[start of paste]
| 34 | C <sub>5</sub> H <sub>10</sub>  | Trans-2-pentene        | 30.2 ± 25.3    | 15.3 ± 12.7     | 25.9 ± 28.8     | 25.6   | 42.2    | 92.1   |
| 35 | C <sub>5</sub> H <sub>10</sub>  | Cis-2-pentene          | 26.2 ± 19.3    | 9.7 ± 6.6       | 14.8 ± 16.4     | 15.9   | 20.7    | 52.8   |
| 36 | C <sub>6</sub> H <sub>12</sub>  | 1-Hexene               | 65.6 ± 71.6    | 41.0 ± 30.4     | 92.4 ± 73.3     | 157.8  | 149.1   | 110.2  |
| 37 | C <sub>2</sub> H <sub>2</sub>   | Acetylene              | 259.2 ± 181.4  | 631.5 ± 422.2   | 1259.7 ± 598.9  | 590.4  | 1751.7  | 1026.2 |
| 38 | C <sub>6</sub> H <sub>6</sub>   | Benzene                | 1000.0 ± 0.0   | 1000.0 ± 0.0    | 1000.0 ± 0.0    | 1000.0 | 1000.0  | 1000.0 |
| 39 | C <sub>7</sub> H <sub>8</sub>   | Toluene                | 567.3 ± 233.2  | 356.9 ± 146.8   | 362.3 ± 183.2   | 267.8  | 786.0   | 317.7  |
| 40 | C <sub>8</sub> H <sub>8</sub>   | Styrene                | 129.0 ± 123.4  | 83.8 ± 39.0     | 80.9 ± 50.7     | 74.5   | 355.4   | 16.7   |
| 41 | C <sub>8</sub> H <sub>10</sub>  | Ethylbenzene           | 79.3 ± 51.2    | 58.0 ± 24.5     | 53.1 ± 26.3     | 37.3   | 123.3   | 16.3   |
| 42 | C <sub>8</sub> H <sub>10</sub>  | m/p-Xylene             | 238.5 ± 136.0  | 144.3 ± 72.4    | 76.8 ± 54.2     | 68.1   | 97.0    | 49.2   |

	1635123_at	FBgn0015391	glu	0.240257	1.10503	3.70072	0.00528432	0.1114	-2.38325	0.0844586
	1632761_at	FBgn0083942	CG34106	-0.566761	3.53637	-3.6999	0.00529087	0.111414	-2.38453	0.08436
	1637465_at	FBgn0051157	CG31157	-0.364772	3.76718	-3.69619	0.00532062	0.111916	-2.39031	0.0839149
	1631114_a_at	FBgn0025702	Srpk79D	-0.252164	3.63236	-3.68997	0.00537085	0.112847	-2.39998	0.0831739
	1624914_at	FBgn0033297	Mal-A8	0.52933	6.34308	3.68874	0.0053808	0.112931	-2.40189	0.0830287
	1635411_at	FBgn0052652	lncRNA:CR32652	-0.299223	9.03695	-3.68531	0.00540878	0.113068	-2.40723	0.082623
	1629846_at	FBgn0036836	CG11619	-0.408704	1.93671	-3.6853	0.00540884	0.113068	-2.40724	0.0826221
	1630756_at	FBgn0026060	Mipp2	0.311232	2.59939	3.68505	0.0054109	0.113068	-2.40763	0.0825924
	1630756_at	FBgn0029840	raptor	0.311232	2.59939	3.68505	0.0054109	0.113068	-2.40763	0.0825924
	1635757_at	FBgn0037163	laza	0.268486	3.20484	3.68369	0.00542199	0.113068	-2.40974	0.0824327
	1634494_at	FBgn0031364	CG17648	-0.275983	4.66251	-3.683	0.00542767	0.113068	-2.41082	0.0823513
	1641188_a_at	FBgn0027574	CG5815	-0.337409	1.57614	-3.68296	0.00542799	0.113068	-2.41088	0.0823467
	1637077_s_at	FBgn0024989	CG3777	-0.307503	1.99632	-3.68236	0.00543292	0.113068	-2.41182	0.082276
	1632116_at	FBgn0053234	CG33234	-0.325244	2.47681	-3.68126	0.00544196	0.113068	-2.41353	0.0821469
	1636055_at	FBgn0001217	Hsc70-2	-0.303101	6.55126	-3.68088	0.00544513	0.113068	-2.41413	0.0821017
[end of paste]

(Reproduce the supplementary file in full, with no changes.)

| 34 | C <sub>5</sub> H <sub>10</sub>  | Trans-2-pentene        | 30.2 ± 25.3    | 15.3 ± 12.7     | 25.9 ± 28.8     | 25.6   | 42.2    | 92.1   |
| 35 | C <sub>5</sub> H <sub>10</sub>  | Cis-2-pentene          | 26.2 ± 19.3    | 9.7 ± 6.6       | 14.8 ± 16.4     | 15.9   | 20.7    | 52.8   |
| 36 | C <sub>6</sub> H <sub>12</sub>  | 1-Hexene               | 65.6 ± 71.6    | 41.0 ± 30.4     | 92.4 ± 73.3     | 157.8  | 149.1   | 110.2  |
| 37 | C <sub>2</sub> H <sub>2</sub>   | Acetylene              | 259.2 ± 181.4  | 631.5 ± 422.2   | 1259.7 ± 598.9  | 590.4  | 1751.7  | 1026.2 |
| 38 | C <sub>6</sub> H <sub>6</sub>   | Benzene                | 1000.0 ± 0.0   | 1000.0 ± 0.0    | 1000.0 ± 0.0    | 1000.0 | 1000.0  | 1000.0 |
| 39 | C <sub>7</sub> H <sub>8</sub>   | Toluene                | 567.3 ± 233.2  | 356.9 ± 146.8   | 362.3 ± 183.2   | 267.8  | 786.0   | 317.7  |
| 40 | C <sub>8</sub> H <sub>8</sub>   | Styrene                | 129.0 ± 123.4  | 83.8 ± 39.0     | 80.9 ± 50.7     | 74.5   | 355.4   | 16.7   |
| 41 | C <sub>8</sub> H <sub>10</sub>  | Ethylbenzene           | 79.3 ± 51.2    | 58.0 ± 24.5     | 53.1 ± 26.3     | 37.3   | 123.3   | 16.3   |
| 42 | C <sub>8</sub> H <sub>10</sub>  | m/p-Xylene             | 238.5 ± 136.0  | 144.3 ± 72.4    | 76.8 ± 54.2     | 68.1   | 97.0    | 49.2   |

	1635123_at	FBgn0015391	glu	0.240257	1.10503	3.70072	0.00528432	0.1114	-2.38325	0.0844586
	1632761_at	FBgn0083942	CG34106	-0.566761	3.53637	-3.6999	0.00529087	0.111414	-2.38453	0.08436
	1637465_at	FBgn0051157	CG31157	-0.364772	3.76718	-3.69619	0.00532062	0.111916	-2.39031	0.0839149
	1631114_a_at	FBgn0025702	Srpk79D	-0.252164	3.63236	-3.68997	0.00537085	0.112847	-2.39998	0.0831739
	1624914_at	FBgn0033297	Mal-A8	0.52933	6.34308	3.68874	0.0053808	0.112931	-2.40189	0.0830287
	1635411_at	FBgn0052652	lncRNA:CR32652	-0.299223	9.03695	-3.68531	0.00540878	0.113068	-2.40723	0.082623
	1629846_at	FBgn0036836	CG11619	-0.408704	1.93671	-3.6853	0.00540884	0.113068	-2.40724	0.0826221
	1630756_at	FBgn0026060	Mipp2	0.311232	2.59939	3.68505	0.0054109	0.113068	-2.40763	0.0825924
	1630756_at	FBgn0029840	raptor	0.311232	2.59939	3.68505	0.0054109	0.113068	-2.40763	0.0825924
	1635757_at	FBgn0037163	laza	0.268486	3.20484	3.68369	0.00542199	0.113068	-2.40974	0.0824327
	1634494_at	FBgn0031364	CG17648	-0.275983	4.66251	-3.683	0.00542767	0.113068	-2.41082	0.0823513
	1641188_a_at	FBgn0027574	CG5815	-0.337409	1.57614	-3.68296	0.00542799	0.113068	-2.41088	0.0823467
	1637077_s_at	FBgn0024989	CG3777	-0.307503	1.99632	-3.68236	0.00543292	0.113068	-2.41182	0.082276
	1632116_at	FBgn0053234	CG33234	-0.325244	2.47681	-3.68126	0.00544196	0.113068	-2.41353	0.0821469
	1636055_at	FBgn0001217	Hsc70-2	-0.303101	6.55126	-3.68088	0.00544513	0.113068	-2.41413	0.0821017